If you head there for an FNM match don't be surprised if you find yourself sitting across from a Player of the Year. They draw their player base from Akihabara, Kanagawa, and Chiba, and they play host to Pro Tour competitors such as Yoshihiko Ikawa, Yuta Takahashi, Naoki Shimizu, as well as reigning Player of the Year Yuuya Watanabe. If you are looking out for some Japanese names to watch at upcoming Pro Tours and Grand Prix, the manager suggested that you keep an eye peeled for Koutaro Senba and Tsubasa Tomii.

Save the Date: National Qualifier Weekend

"The dates when these events take place is April 8 through May 16, but in North American and Latin America we have blacked out April 17 and 18, which is the Rise of Eldrazi Prerelease weekend," said Scott. "We have also blacked out National Qualifier Day which is May 15. This is what used to be called Regionals."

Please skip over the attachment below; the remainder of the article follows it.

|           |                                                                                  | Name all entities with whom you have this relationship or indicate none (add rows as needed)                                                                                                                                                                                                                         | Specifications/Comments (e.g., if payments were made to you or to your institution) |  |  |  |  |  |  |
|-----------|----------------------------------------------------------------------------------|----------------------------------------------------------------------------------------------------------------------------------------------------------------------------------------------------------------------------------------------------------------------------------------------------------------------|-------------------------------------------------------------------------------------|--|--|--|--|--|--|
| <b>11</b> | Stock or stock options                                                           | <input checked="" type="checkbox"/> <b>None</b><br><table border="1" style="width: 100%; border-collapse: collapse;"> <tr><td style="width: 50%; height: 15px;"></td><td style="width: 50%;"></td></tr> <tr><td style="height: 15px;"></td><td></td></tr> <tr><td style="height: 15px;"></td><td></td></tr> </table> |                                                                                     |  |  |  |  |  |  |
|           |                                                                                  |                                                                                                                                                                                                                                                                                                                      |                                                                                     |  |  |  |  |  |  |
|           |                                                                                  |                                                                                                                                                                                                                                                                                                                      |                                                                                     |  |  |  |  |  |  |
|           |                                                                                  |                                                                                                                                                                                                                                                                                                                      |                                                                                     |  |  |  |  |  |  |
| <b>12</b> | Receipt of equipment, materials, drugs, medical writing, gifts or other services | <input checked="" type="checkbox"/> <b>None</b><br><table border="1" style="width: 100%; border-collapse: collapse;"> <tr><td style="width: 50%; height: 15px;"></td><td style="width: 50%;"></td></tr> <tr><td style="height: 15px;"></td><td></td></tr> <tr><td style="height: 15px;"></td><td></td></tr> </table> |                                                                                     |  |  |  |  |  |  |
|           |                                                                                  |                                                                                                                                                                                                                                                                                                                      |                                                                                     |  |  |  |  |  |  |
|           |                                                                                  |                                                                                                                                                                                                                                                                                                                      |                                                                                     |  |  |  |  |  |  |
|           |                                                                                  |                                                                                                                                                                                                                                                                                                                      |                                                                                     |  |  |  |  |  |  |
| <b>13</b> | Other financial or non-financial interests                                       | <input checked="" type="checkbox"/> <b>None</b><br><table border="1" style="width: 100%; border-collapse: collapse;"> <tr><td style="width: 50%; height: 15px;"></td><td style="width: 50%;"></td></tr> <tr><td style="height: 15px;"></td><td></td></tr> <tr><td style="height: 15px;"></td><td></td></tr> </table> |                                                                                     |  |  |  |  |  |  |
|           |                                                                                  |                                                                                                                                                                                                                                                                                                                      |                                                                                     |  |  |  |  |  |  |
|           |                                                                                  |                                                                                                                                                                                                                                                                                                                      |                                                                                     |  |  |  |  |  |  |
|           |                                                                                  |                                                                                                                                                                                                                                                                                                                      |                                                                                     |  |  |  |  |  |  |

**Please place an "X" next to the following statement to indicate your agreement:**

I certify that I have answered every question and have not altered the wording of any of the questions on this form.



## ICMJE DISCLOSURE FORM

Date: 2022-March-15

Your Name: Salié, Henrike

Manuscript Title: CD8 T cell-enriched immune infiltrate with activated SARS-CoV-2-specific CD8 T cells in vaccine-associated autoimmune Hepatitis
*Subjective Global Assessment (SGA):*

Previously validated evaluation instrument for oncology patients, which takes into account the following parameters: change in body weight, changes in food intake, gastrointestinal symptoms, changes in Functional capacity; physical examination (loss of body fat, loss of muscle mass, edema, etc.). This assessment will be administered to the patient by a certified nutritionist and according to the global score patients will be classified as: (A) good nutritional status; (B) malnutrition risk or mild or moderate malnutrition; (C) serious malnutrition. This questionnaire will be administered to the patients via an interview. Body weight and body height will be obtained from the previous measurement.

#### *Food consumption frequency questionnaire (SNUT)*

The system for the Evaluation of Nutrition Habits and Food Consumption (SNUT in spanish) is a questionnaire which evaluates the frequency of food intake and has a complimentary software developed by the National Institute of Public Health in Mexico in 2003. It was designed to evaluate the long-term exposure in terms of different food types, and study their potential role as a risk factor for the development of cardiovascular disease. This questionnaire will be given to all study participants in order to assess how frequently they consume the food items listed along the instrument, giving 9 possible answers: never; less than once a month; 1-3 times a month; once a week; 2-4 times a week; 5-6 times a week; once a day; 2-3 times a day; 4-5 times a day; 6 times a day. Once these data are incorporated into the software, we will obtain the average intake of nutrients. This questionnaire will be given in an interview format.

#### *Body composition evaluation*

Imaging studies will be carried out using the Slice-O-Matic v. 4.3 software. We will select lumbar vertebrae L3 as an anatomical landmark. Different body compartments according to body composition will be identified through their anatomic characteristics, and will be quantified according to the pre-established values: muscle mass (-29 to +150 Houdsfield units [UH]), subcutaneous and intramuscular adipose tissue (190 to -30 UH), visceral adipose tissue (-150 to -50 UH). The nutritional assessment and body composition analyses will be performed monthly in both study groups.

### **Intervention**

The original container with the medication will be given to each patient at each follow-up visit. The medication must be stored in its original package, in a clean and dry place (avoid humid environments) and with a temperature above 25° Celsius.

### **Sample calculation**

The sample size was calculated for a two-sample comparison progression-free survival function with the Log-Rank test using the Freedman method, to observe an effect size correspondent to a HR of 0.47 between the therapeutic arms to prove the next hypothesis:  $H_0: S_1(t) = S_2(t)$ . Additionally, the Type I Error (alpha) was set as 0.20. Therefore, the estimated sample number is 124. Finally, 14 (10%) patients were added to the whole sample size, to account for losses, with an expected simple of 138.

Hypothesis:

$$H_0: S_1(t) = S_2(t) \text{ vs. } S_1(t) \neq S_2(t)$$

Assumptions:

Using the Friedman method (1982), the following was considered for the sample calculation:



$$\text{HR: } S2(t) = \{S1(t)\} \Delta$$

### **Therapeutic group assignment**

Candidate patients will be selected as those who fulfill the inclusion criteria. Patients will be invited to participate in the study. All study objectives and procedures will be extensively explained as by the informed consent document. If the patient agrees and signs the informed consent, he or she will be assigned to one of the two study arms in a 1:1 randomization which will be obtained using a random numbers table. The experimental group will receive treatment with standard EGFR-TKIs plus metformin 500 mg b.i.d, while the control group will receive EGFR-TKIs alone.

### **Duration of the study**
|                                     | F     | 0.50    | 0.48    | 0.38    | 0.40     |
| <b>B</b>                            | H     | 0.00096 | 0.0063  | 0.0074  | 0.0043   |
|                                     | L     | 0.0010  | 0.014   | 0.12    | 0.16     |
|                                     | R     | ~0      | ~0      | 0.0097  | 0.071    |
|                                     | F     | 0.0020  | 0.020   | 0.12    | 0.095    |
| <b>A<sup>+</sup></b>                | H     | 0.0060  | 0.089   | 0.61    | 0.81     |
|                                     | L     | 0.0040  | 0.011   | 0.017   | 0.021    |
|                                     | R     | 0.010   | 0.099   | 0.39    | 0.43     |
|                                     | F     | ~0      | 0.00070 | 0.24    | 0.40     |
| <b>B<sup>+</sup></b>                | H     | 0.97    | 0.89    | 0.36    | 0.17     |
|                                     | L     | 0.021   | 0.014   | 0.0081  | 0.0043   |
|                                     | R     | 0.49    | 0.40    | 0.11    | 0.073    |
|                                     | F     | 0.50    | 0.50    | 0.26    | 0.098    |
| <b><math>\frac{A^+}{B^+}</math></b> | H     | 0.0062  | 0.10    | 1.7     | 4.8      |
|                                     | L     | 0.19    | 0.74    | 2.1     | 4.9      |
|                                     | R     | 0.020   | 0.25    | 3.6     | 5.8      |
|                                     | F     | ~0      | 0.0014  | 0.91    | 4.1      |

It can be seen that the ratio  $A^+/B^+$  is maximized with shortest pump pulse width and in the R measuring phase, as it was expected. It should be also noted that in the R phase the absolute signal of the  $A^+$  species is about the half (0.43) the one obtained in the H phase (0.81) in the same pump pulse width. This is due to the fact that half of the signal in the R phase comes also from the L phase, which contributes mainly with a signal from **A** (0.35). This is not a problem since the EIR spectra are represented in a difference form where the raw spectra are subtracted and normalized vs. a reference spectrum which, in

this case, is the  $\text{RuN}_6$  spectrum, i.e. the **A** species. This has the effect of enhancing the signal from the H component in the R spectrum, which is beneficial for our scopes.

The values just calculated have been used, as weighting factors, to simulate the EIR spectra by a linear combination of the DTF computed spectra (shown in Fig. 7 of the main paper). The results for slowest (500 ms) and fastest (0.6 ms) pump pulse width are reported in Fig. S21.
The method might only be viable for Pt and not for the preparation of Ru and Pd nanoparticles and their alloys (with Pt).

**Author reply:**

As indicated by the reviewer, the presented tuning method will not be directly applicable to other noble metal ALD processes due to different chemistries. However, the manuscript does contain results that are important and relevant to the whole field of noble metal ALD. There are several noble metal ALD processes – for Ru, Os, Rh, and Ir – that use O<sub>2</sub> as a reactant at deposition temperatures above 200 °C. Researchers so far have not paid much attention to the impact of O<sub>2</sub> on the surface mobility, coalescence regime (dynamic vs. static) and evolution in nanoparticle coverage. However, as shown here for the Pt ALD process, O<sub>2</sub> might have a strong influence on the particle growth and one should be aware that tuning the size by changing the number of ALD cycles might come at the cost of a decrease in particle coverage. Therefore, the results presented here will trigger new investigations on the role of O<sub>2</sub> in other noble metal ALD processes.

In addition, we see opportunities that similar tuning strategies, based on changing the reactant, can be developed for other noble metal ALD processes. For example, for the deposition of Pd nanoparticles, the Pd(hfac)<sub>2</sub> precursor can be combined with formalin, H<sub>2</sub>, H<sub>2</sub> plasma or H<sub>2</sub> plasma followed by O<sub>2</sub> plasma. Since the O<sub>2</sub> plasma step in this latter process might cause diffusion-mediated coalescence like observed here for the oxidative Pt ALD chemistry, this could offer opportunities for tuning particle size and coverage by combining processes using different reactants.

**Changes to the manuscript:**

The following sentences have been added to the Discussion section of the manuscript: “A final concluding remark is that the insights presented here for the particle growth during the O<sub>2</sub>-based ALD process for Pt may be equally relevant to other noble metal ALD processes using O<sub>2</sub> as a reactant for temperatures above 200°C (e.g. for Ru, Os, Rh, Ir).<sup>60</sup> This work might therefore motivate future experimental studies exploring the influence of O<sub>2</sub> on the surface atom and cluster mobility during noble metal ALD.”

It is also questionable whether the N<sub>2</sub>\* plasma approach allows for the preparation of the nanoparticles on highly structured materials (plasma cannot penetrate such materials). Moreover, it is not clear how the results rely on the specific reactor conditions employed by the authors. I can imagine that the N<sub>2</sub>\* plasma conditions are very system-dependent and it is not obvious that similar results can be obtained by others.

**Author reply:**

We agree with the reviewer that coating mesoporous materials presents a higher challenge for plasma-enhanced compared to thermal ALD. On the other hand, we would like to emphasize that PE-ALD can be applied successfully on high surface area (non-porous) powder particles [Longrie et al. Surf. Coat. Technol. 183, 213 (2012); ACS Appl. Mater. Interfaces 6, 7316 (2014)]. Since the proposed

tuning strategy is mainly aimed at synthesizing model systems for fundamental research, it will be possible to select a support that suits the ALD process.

That quote is from my interview last week with Scott Larabee, when he revealed that what used to be known as Regionals in the United States and Canada was being renamed National Qualifiers—thus bringing one of the oldest Organized Play programs in line with the rest of the world. For U.S. players, you can go here and see that there are going to be 50 National Qualifiers—one in each state in the Union. That's more total events than Regionals in years past, and each event will award between two and eight invites to Nationals (to be held August 20-22 in Minneapolis).

When the State Championships were discontinued as a Wizards OP program many people suggested bringing them back as an event that fed into Nationals. Much like the current campaign for a certain computer operating system, there are hundreds of forum denizens who can say, "National Qualifiers were my idea."

You can find information about National Qualifiers here. Wizards has also begun posting National Championship information, which can be found here.